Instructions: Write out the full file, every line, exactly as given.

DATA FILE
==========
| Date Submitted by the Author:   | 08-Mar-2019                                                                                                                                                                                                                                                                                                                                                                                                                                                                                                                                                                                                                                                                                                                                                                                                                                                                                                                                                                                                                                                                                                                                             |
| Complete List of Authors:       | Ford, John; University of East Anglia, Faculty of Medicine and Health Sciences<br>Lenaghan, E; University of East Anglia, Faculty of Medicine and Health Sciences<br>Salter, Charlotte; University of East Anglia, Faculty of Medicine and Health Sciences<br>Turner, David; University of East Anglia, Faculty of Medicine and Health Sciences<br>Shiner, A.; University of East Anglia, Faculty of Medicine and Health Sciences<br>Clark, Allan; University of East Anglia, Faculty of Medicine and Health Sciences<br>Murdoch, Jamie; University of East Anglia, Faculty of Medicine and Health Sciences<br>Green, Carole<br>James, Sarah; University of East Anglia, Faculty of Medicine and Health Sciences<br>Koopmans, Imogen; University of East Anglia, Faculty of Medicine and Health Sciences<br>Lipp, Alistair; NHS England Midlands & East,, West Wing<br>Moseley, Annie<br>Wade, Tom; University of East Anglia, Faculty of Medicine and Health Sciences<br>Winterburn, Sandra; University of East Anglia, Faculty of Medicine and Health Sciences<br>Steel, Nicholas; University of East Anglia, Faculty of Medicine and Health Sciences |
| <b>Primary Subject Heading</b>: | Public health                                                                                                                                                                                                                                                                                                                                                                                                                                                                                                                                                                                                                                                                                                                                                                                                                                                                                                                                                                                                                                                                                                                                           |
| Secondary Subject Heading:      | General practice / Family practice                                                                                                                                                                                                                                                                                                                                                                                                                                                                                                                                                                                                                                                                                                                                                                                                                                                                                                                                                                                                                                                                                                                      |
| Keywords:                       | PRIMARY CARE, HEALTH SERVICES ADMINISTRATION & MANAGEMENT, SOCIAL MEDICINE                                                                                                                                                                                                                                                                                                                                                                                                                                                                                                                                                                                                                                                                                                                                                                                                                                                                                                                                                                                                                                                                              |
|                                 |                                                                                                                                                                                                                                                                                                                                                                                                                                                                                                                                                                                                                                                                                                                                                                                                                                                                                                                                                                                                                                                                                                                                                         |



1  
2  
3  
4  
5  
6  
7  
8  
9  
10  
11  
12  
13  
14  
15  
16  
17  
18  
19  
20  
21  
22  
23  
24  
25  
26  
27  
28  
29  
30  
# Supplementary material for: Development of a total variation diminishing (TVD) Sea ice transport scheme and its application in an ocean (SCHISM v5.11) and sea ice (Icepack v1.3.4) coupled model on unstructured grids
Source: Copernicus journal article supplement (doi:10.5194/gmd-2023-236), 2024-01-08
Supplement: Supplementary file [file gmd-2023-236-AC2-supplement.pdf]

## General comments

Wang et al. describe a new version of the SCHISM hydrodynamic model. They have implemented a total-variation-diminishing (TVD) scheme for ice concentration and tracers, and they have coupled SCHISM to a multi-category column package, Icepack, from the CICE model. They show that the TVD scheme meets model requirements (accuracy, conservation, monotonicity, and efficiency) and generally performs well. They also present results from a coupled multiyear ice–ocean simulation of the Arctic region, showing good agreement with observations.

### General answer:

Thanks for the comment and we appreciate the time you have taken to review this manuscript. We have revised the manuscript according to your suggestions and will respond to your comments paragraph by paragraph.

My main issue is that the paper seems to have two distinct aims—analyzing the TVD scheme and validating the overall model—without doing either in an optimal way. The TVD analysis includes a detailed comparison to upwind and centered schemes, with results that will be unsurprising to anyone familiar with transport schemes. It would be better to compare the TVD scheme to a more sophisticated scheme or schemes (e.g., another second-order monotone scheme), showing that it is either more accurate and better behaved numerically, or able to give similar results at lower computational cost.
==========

| Date Submitted by the Author:   | 08-Mar-2019                                                                                                                                                                                                                                                                                                                                                                                                                                                                                                                                                                                                                                                                                                                                                                                                                                                                                                                                                                                                                                                                                                                                             |
| Complete List of Authors:       | Ford, John; University of East Anglia, Faculty of Medicine and Health Sciences<br>Lenaghan, E; University of East Anglia, Faculty of Medicine and Health Sciences<br>Salter, Charlotte; University of East Anglia, Faculty of Medicine and Health Sciences<br>Turner, David; University of East Anglia, Faculty of Medicine and Health Sciences<br>Shiner, A.; University of East Anglia, Faculty of Medicine and Health Sciences<br>Clark, Allan; University of East Anglia, Faculty of Medicine and Health Sciences<br>Murdoch, Jamie; University of East Anglia, Faculty of Medicine and Health Sciences<br>Green, Carole<br>James, Sarah; University of East Anglia, Faculty of Medicine and Health Sciences<br>Koopmans, Imogen; University of East Anglia, Faculty of Medicine and Health Sciences<br>Lipp, Alistair; NHS England Midlands & East,, West Wing<br>Moseley, Annie<br>Wade, Tom; University of East Anglia, Faculty of Medicine and Health Sciences<br>Winterburn, Sandra; University of East Anglia, Faculty of Medicine and Health Sciences<br>Steel, Nicholas; University of East Anglia, Faculty of Medicine and Health Sciences |
| <b>Primary Subject Heading</b>: | Public health                                                                                                                                                                                                                                                                                                                                                                                                                                                                                                                                                                                                                                                                                                                                                                                                                                                                                                                                                                                                                                                                                                                                           |
| Secondary Subject Heading:      | General practice / Family practice                                                                                                                                                                                                                                                                                                                                                                                                                                                                                                                                                                                                                                                                                                                                                                                                                                                                                                                                                                                                                                                                                                                      |
| Keywords:                       | PRIMARY CARE, HEALTH SERVICES ADMINISTRATION & MANAGEMENT, SOCIAL MEDICINE                                                                                                                                                                                                                                                                                                                                                                                                                                                                                                                                                                                                                                                                                                                                                                                                                                                                                                                                                                                                                                                                              |
|                                 |                                                                                                                                                                                                                                                                                                                                                                                                                                                                                                                                                                                                                                                                                                                                                                                                                                                                                                                                                                                                                                                                                                                                                         |



1  
2  
3  
4  
5  
6  
7  
8  
9  
10  
11  
12  
13  
14  
15  
16  
17  
18  
19  
20  
21  
22  
23  
24  
25  
26  
27  
28  
29  
30  
# Supplementary material for: Development of a total variation diminishing (TVD) Sea ice transport scheme and its application in an ocean (SCHISM v5.11) and sea ice (Icepack v1.3.4) coupled model on unstructured grids
Source: Copernicus journal article supplement (doi:10.5194/gmd-2023-236), 2024-01-08
Supplement: Supplementary file [file gmd-2023-236-AC2-supplement.pdf]

## General comments

Wang et al. describe a new version of the SCHISM hydrodynamic model. They have implemented a total-variation-diminishing (TVD) scheme for ice concentration and tracers, and they have coupled SCHISM to a multi-category column package, Icepack, from the CICE model. They show that the TVD scheme meets model requirements (accuracy, conservation, monotonicity, and efficiency) and generally performs well. They also present results from a coupled multiyear ice–ocean simulation of the Arctic region, showing good agreement with observations.

### General answer:

Thanks for the comment and we appreciate the time you have taken to review this manuscript. We have revised the manuscript according to your suggestions and will respond to your comments paragraph by paragraph.

My main issue is that the paper seems to have two distinct aims—analyzing the TVD scheme and validating the overall model—without doing either in an optimal way. The TVD analysis includes a detailed comparison to upwind and centered schemes, with results that will be unsurprising to anyone familiar with transport schemes. It would be better to compare the TVD scheme to a more sophisticated scheme or schemes (e.g., another second-order monotone scheme), showing that it is either more accurate and better behaved numerically, or able to give similar results at lower computational cost.